When I started my career in social media years ago, I had a target list of people I wanted to meet in real life. Since many of my clients were travel and hospitality-related, I gathered a list of social media, PR, and marketing pros in the So Cal area, and reached out to them. One of the savviest professionals who heeded my call was Debbie Miller.
Meet Debbie Miller, founder of Social Hospitality. We met up down in Orange County, and I peppered her with questions. Before we do this thing, I wanted to note that Debbie has recently co-founded a new venture – Rooms for Cause. Book your hotel stays through RFC and know that 30% of the final auction price will be donated to a nonprofit organization. (The nonprofit changes regularly to spread the love!)
Ready? Read on about Debbie and her path to being a woman-owned business!
1. Outlets: Can you list out the places we can find you (or your business) online?
Website, blog, Twitter, Pinterest, etc:
Personal: Â Â Â Â Â Â Â Â Â Â Â Â Â
2. What did you do before your business?
A couple years ago, my employer was going through a transition period and I knew that my layoff was imminent. As I began to prepare for this major life transition, I consulted many business associates for feedback. The organization I was with had been my first job out of college, so this was a substantial and awkward period, contemplating spending my days in a different atmosphere than the one which Iâ€™d become accustomed in my only post-school experience.
Some of the most valuable advice I received was to generate something that was â€œmine.â€ I had done so much and created a name for myself under the guise of my job, though I didnâ€™t have anything to take away with me when my time at that job concluded. As I began to brainstorm with peers, ideas began bubbling to the surface, and thatâ€™s how Social Hospitality emerged.Â
3. What was that moment (or moments) that made you take the next step in going into business on your own?
I knew I wanted to start a blog, but I wasnâ€™t sure on what. I enjoy dining out, and food blogging is a popular niche, but I wasnâ€™t sure I could articulate my experience with food in a unique way. That said, since my former full-time job had involved working with hotels and restaurants, one person suggested doing a blog on marketing for the hospitality industry.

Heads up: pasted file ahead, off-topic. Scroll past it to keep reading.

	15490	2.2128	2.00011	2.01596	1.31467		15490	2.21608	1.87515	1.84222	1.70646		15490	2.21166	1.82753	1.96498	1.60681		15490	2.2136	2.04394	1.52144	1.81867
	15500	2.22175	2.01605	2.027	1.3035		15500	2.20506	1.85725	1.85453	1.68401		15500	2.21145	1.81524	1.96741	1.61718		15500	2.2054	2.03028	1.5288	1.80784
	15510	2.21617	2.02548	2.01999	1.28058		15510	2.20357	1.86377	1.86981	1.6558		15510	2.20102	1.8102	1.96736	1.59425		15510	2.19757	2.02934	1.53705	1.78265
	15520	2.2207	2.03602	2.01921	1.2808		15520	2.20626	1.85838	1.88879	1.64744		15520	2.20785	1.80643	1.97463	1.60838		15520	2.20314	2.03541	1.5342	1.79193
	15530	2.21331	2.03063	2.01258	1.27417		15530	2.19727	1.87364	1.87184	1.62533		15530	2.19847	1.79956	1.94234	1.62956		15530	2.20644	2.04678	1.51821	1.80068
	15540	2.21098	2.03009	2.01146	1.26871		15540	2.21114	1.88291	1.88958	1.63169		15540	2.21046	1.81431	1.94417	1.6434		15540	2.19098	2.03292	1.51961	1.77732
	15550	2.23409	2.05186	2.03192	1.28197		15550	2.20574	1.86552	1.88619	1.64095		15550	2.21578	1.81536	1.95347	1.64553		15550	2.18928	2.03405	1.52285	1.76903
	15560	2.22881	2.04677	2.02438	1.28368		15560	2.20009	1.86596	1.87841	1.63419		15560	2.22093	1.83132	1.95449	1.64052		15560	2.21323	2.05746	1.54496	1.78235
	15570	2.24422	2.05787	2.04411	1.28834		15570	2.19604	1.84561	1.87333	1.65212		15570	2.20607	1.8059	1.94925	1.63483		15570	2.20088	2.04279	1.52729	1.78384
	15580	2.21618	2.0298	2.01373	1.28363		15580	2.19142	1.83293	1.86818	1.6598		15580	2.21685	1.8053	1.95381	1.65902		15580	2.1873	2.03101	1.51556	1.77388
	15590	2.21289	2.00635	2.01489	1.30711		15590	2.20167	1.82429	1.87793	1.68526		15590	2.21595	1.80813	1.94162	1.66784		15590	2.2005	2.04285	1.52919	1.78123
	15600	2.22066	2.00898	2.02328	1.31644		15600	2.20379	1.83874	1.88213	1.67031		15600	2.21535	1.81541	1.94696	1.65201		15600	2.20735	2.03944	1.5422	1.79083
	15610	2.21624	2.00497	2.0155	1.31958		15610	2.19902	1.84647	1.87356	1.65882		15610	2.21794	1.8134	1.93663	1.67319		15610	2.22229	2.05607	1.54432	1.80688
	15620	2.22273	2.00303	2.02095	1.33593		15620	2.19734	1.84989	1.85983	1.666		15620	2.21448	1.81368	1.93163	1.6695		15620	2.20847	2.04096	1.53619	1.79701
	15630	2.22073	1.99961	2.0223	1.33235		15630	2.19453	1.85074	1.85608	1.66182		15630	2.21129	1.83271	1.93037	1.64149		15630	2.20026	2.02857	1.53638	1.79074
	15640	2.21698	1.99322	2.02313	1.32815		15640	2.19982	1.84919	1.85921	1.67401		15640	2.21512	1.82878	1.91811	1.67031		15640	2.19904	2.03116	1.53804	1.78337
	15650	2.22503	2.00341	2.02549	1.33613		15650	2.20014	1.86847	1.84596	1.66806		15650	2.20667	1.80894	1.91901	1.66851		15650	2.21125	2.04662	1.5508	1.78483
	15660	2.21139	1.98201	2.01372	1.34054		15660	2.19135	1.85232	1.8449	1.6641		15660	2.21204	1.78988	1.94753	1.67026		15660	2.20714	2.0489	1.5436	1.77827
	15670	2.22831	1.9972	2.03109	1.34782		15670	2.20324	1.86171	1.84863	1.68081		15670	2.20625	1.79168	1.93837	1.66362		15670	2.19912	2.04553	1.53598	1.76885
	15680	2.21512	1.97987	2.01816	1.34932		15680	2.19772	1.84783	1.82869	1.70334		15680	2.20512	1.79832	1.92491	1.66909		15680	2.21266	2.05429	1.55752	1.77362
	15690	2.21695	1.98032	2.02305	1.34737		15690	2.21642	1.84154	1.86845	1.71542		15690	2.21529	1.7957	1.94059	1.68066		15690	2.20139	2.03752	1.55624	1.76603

I was already reading social media blogs regularly myself, but I hadnâ€™t yet come across one geared specifically toward hospitality, so I thought this was a great and a perfect fit. I was immersed (both online and in person) in the culture of social media, and fortunately, it came naturally. I also was an English major in college, so articulating things in writing wasnâ€™t intimidating, either.
The blog debuted in early 2011 and, luckily, I was able to land a new gig doing search and social marketing at an emarketing company right after I was let go from my former job.
4. How long did it take you to go from working from someone else to working for yourself? (Or looking for a job and then deciding, I’ll create my own job.)Â Were there steps every few months or years or was it a clean break?Â
I still work full-time for â€œthe manâ€ (the company noted above), so I havenâ€™t completed the full transition yet, but I know I will someday. That said, I am regularly grateful to have a job I genuinely enjoy, with people I enjoy, and Iâ€™ve been able to grow my own brand while still having the â€œsecurityâ€ of a full-time job. Plus, theyâ€™re completely aware of my blog and side business, and not only are they okay with it, theyâ€™re totally supportive.
I get asked all the time how I have time to manage freelance clients, in additional to my full-time job, in addition to maintaining a social life. And my answer is always the same: I love what I do. I feel so fortunate to get to make money doing something that I honestly enjoy. Whatâ€™s interesting about it, too, is that the path that brought me was a series of accidents; none of it was planned nor anticipated. When you honestly enjoy what you do, it doesnâ€™t get (as) stressful having to stay up late to work, or having to go into an office every day. It remains fulfilling. And amidst constant horror stories of tense workplaces and horrible bosses, being able to make a living doing things you love to do is tremendous blessing.
5. Name something that went wrong/that you learned on your way to being a one-woman show. What was the result of this?